In the Beeman cases, the Ninth Circuit panel concluded that Plaintiffs had standing, reversed the district court and remanded for further proceedings. See Beeman v. TDI Managed Care Servs., Inc., 449 F.3d 1035, 1037 (9th Cir.2006). On remand, Defendants moved for judgment on the pleadings, arguing that section 2527 unconstitutionally compels speech in violation of both the United States and California Constitutions. Defendants based their constitutional arguments on the decisions in Bradley, ARP, and A.A.M. Each of those California Court of Appeal decisions holds the reporting requirement of section 2527 unconstitutional under article I, section 2 of the California Constitution. Denying Defendants' motions, the district court concluded that there was “convincing evidence” that the California Supreme Court would not follow the holdings of the intermediate appellate courts. Defendants then filed this interlocutory appeal.
The majority of a three-judge panel of this court also declined to follow the intermediate California court decisions striking down section 2527 as unconstitutional under California's free speech clause. Instead, it independently assessed the constitutionality of the statute under First Amendment principles, reasoning that the California Supreme Court would decide the state constitutional question “by relying, primarily, if not exclusively, on First Amendment precedent.” Beeman, 652 F.3d at 1094. The majority identified two critical errors in the Court of Appeal decisions that it was convinced the California Supreme Court would not make: (1) giving insufficient weight to Rumsfeld v. Forum for Academic and Institutional Rights, Inc., 547 U.S. 47, 126 S.Ct. 1297, 164 L.Ed.2d 156 (2006) (“FAIR ”); and (2) misinterpreting Riley v. National Federation of the Blind of North Carolina, Inc., 487 U.S. 781, 108 S.Ct. 2667, 101 L.Ed.2d 669 (1988).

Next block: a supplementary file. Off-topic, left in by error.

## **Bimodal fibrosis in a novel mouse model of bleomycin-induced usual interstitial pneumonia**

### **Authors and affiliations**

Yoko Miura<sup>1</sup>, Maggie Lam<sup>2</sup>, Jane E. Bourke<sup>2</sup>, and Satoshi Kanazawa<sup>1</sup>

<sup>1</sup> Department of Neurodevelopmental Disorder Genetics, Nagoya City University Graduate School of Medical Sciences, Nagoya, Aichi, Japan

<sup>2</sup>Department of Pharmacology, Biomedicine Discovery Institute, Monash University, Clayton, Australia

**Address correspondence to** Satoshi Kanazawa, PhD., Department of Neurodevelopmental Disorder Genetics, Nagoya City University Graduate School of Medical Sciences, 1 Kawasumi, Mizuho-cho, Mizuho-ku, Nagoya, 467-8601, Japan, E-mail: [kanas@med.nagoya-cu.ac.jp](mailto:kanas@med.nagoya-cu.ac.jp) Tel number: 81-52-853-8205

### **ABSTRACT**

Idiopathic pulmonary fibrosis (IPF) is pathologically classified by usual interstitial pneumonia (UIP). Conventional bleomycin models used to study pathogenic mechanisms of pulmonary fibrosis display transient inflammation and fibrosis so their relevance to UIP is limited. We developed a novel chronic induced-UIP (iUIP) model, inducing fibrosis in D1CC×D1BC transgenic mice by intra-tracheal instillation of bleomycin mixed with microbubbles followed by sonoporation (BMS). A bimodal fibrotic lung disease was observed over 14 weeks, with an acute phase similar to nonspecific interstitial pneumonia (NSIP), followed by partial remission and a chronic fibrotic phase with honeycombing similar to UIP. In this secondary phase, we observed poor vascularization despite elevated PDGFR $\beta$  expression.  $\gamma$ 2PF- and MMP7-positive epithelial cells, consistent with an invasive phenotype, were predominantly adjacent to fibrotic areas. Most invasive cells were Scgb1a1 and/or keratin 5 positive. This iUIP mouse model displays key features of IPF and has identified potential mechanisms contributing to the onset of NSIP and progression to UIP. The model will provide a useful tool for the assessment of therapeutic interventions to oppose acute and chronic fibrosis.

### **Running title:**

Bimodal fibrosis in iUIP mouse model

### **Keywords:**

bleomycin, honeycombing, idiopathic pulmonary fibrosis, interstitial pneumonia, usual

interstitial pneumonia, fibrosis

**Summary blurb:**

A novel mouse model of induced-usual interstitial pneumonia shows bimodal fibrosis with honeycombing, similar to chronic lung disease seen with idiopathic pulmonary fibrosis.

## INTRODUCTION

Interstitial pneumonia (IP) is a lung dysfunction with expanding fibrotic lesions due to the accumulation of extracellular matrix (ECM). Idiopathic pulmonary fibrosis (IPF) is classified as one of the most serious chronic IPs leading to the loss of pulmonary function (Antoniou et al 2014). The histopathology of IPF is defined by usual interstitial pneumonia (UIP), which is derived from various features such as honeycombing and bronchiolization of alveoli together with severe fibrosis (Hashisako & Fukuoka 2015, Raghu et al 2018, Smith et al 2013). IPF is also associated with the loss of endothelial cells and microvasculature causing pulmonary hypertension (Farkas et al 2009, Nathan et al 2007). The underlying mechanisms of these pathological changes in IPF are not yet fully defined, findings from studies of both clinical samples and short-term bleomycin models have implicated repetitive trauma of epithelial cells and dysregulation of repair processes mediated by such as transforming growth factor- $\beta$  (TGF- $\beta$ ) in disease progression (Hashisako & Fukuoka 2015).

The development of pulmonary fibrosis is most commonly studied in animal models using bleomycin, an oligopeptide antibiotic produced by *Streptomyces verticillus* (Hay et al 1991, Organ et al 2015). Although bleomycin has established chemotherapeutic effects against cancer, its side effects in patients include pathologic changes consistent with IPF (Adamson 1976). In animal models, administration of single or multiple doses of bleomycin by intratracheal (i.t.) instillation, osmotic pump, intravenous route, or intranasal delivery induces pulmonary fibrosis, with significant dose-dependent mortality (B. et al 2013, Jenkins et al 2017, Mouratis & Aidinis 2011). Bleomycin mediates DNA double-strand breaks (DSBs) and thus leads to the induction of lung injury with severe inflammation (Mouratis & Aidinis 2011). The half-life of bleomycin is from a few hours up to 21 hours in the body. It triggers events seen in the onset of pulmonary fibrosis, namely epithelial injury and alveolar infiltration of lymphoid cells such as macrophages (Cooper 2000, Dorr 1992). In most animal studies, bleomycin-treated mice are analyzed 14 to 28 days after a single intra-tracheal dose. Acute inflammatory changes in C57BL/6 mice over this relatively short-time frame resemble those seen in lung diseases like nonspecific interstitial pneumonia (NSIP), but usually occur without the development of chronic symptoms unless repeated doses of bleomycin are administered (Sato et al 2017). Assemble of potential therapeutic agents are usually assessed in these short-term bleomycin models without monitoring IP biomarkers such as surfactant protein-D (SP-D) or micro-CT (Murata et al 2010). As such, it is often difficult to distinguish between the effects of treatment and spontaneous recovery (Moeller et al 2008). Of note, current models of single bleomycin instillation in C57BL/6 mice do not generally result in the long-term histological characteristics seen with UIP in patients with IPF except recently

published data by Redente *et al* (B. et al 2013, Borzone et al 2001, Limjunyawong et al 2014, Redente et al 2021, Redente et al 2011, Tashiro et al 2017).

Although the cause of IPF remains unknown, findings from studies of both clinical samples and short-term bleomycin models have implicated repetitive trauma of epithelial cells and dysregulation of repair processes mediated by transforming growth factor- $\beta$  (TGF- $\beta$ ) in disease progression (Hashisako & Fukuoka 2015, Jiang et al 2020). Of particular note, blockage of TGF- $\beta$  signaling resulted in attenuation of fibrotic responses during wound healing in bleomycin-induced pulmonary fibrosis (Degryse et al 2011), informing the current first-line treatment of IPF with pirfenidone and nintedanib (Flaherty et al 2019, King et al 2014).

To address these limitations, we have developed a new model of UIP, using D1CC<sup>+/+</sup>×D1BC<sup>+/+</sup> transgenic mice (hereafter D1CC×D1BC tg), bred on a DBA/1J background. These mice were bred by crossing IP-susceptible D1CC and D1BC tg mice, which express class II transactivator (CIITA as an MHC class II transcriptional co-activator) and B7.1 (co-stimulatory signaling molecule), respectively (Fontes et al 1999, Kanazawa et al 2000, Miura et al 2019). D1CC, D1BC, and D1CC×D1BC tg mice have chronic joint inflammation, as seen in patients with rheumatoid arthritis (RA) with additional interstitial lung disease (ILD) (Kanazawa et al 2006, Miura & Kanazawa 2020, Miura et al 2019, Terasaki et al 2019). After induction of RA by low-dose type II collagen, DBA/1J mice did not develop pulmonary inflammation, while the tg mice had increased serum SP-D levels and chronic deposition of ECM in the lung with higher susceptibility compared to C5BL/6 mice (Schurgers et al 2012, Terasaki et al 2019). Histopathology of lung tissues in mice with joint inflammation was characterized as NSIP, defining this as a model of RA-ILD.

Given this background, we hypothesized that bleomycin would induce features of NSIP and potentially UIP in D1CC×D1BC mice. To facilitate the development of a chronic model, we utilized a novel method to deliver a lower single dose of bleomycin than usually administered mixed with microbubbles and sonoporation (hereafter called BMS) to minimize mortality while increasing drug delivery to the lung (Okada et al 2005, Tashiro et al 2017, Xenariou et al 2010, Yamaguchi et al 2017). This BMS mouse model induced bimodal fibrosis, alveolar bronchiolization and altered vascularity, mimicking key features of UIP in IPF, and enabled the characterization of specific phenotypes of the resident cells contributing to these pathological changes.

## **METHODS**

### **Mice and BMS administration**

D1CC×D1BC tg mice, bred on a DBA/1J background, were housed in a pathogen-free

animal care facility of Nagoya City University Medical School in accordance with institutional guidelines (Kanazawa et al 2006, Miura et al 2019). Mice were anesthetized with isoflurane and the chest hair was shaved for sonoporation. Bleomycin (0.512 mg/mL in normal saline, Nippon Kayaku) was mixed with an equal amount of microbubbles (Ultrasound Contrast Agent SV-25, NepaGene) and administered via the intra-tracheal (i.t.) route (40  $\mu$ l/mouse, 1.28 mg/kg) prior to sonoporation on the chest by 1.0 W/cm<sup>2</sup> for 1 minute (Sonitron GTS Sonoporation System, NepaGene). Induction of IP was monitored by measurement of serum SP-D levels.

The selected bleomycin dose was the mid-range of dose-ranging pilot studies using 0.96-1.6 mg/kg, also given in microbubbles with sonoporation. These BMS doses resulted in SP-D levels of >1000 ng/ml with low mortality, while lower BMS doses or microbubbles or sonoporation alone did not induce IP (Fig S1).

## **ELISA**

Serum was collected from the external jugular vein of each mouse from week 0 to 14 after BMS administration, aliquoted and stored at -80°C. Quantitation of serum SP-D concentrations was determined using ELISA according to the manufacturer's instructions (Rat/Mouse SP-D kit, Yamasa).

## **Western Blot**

The dissent argued (1) we were bound by the Erie doctrine to follow the California Court of Appeal decisions; (2) the California Supreme Court would not necessarily rely upon First Amendment jurisprudence to interpret its own state's constitutional free speech clause, which “enjoys existence and force independent of the First Amendment,” Gerawan Farming, Inc. v. Lyons, 24 Cal.4th 468, 489, 101 Cal.Rptr.2d 470, 12 P.3d 720 (2000), and is “broader and more protective” than the First Amendment, L.A. Alliance for Survival v. City of L.A., 22 Cal.4th 352, 366, 93 Cal.Rptr.2d 1, 993 P.2d 334 (2000); and (3) the California Courts of Appeal had in fact correctly analyzed First Amendment law and incorporated those principles into the decisions to strike down section 2527 under the California Constitution.